United States

Task force hears from angered military families on education program changes

(The Center Square) — The first meeting of the task force Preserving Virginia Military Survivors and Dependents Education Program was held Monday, with many of its members and those in attendance raising their voices or holding back tears as they spoke.

“I thought VMSDEP was a formal thank you to the families of veterans, the Gold Star families,” said one attendee, the wife of a retired marine. “I am so sorry that we cost you too much,” she said, choking back tears.

The General Assembly passed a budget on May 13 containing changes – effective just two days later – narrowing eligibility due to ballooning program costs. For those not formally committed to a program at a public Virginia college or university by May 15, the program became limited to undergraduate education. It also required that participants live in Virginia, meet certain academic benchmarks and apply for other state or federal aid before applying for VMSDEP.

Qualifying applicants can pursue a degree with tuition and mandatory fees covered, and some qualify for a once-per-semester stipend to help cover other school-related expenses like books or room and board.

The changes unleashed so much backlash from veterans and military families that Gov. Glenn Youngkin issued an executive directive to assemble a task force to study the program changes and sustainability, and he also called on Assembly leaders to convene a special session to repeal the changes.

Monday’s meeting, which included a lengthy public comment period, revealed anger at Virginia universities, the State Council of Higher Education for Virginia and the legislators who passed the budget; feelings of betrayal toward a state that boasts in its care for its military population; frustration at a lack of clarity about the changes themselves; and some hope that the special session will “right this wrong.”

Multiple people, including task force members, questioned the data that has circulated about program growth, for which the universities mostly foot the bill.

“Why are we continuing to accept numbers at face value?” asked Kayla Owen, founder of Friends of VMSDEP and a task force member. “The universities continue to get slapped on the wrist over misappropriation of funds, yet they keep running back to the bank of the General Assembly crying poor.”

In the 2018-19 school year, according to numbers cited by the governor in Executive Directive 7, 1,385 students were enrolled in VMSDEP across all public colleges and universities in Virginia. By the 2022-23 school year, that number had grown to 6,107 students – a 341% increase. Program costs grew even more in that time – by 444% – from $11.9 million to $64.8 million.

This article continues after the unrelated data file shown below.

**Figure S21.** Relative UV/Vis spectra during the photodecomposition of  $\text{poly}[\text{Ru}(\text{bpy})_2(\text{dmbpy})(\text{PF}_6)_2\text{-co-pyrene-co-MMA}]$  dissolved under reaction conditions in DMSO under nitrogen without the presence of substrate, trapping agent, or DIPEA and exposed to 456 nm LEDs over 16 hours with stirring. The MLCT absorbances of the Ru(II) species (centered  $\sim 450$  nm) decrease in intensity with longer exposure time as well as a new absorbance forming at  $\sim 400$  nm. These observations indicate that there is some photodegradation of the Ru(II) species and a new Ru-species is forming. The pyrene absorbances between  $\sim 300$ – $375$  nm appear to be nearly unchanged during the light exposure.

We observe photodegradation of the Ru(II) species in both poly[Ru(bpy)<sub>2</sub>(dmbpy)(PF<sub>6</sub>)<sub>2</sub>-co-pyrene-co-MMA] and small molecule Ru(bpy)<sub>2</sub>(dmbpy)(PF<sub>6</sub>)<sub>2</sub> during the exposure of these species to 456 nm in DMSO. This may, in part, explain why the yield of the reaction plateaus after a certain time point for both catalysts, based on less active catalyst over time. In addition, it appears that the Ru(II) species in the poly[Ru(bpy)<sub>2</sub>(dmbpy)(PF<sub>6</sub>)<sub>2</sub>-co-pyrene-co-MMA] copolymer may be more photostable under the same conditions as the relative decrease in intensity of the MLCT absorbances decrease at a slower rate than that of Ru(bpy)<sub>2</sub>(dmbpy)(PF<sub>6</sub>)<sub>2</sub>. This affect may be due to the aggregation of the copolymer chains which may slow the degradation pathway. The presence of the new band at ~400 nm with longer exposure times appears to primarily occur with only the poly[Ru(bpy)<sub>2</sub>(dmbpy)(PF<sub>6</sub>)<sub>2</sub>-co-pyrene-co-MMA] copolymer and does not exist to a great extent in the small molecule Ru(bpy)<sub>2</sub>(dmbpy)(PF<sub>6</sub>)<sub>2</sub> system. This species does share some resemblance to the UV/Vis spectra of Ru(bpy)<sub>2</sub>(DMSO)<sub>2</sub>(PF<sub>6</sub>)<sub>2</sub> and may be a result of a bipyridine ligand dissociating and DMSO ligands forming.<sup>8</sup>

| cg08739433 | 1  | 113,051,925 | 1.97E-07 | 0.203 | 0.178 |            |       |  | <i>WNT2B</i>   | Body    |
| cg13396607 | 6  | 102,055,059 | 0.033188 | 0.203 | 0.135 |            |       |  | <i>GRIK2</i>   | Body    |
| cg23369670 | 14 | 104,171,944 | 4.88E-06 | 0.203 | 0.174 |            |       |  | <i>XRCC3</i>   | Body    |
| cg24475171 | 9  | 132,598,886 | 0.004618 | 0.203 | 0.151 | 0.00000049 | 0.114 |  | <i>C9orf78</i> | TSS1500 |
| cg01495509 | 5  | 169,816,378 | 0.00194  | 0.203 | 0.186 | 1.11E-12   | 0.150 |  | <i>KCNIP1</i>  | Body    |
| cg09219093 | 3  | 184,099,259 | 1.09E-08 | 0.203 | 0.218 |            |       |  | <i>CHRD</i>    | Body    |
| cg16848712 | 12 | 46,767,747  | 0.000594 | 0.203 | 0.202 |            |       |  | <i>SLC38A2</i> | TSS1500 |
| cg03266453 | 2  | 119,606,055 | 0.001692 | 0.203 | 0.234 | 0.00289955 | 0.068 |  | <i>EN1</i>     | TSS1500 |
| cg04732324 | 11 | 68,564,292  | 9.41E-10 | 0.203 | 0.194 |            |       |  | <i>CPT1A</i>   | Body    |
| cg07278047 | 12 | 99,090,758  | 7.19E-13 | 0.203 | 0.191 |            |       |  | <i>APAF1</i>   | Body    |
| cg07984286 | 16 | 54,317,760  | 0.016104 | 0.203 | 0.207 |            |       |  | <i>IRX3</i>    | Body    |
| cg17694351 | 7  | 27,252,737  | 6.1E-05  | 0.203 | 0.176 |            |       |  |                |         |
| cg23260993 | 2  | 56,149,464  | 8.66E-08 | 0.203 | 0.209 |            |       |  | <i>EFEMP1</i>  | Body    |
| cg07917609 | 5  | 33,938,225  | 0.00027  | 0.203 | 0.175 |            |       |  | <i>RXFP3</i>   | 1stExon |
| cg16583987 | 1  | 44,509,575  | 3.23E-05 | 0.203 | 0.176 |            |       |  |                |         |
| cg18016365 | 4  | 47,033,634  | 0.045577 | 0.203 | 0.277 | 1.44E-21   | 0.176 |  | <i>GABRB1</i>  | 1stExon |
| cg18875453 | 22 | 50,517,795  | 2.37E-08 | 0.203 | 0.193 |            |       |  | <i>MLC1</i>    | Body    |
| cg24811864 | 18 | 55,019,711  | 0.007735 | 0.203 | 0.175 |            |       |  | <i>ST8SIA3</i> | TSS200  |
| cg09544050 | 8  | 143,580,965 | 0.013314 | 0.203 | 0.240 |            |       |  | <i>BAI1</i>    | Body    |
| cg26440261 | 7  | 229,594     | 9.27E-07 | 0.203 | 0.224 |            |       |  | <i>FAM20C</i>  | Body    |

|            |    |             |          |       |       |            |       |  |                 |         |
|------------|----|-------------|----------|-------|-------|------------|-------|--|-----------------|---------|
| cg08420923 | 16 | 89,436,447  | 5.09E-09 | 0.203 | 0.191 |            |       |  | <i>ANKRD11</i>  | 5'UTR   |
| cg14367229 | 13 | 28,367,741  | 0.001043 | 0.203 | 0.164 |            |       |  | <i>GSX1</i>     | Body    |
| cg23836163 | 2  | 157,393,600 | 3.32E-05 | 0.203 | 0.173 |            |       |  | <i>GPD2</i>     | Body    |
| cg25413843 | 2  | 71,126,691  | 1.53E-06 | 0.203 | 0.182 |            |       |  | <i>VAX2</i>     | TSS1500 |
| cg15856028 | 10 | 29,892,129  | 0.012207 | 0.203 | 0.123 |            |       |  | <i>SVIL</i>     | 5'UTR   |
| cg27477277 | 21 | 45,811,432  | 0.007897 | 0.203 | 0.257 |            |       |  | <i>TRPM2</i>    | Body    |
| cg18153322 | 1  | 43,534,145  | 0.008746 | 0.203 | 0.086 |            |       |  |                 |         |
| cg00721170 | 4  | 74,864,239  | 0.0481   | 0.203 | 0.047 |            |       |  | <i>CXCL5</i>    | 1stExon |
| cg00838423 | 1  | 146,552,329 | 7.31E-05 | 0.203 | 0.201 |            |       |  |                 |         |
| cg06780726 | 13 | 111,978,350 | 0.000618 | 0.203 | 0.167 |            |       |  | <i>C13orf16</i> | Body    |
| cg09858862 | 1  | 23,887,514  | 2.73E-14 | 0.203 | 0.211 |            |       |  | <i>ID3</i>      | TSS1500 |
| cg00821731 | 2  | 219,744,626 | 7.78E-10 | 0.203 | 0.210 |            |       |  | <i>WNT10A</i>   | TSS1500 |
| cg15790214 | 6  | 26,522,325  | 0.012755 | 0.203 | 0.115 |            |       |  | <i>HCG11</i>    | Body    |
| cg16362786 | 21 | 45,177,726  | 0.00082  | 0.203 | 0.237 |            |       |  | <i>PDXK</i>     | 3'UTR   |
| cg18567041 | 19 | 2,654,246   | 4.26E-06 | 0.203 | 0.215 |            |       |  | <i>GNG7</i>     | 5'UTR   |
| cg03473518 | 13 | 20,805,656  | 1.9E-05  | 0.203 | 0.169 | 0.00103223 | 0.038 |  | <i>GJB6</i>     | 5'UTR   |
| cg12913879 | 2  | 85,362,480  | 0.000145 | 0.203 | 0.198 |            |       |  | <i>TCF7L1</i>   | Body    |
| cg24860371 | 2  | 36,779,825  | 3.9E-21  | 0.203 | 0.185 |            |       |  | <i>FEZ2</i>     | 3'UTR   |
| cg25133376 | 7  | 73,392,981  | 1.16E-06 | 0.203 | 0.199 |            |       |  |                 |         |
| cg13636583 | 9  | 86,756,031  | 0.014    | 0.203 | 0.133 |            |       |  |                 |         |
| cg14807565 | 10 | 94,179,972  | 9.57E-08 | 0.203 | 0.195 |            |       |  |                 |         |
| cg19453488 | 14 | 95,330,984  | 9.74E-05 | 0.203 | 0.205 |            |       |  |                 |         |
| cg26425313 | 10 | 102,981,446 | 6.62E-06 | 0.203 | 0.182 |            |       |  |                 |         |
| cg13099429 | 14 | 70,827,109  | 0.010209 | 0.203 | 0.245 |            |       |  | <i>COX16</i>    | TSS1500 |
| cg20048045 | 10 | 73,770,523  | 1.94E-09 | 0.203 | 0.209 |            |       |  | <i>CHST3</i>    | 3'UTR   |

All of this, due to changes that made more people eligible for the program and efforts to increase program enrollment.

“It is both an honor and an agony to serve on the Preserving VMSDEP task force before you today,” said Kristen Fenty, another representative from Friends of VMSDEP and a Gold Star spouse. Fenty shared how her daughter plans to attend medical school, and they were relying on VMSDEP to help relieve some of the undergrad costs.

“The experience has made us lose faith in our representative government and done harm to our community,” Fenty said.

Others expressed resentment over the swift changes and confusion over how they were worded.

“My daughter graduates from high school tomorrow, and she still does not know if she is grandfathered for VMSDEP benefits,” said one attendee, explaining that some of the terms included in the eligibility changes are unclear.

“What is the definition of formally committed? Who knows? We don’t know,” he continued. He said the Council had indicated that enrollment in VMSDEP by May 15 might also be a requirement, though applications for fall semester benefits aren’t available until July 1.

Another attendee agreed, saying that even if the changes couldn’t be repealed, the state owes military families a set of unambiguous program guidelines and standards. Her husband suffers from multiple injuries due to service, and she had been planning to pursue a graduate degree in physical therapy to help provide for their family.

“If it can’t happen, we demand that a clearly worded document leave nothing up to interpretation, allowing families to know exactly what the benefit is and how we will be able to calculate it going forward,” she told the task force.

“The only fix is for the special session to rescind all of these atrocious, arbitrary VMSDEP changes,” said a task force member. “This task force cannot fix this problem in time.”

“If Virginia doesn’t do right by this bill, other states will follow,” another attendee warned.

The meeting concluded with Secretary Craig Crenshaw’s statement that the General Assembly will hold a special session on June 28 to revisit the changes.

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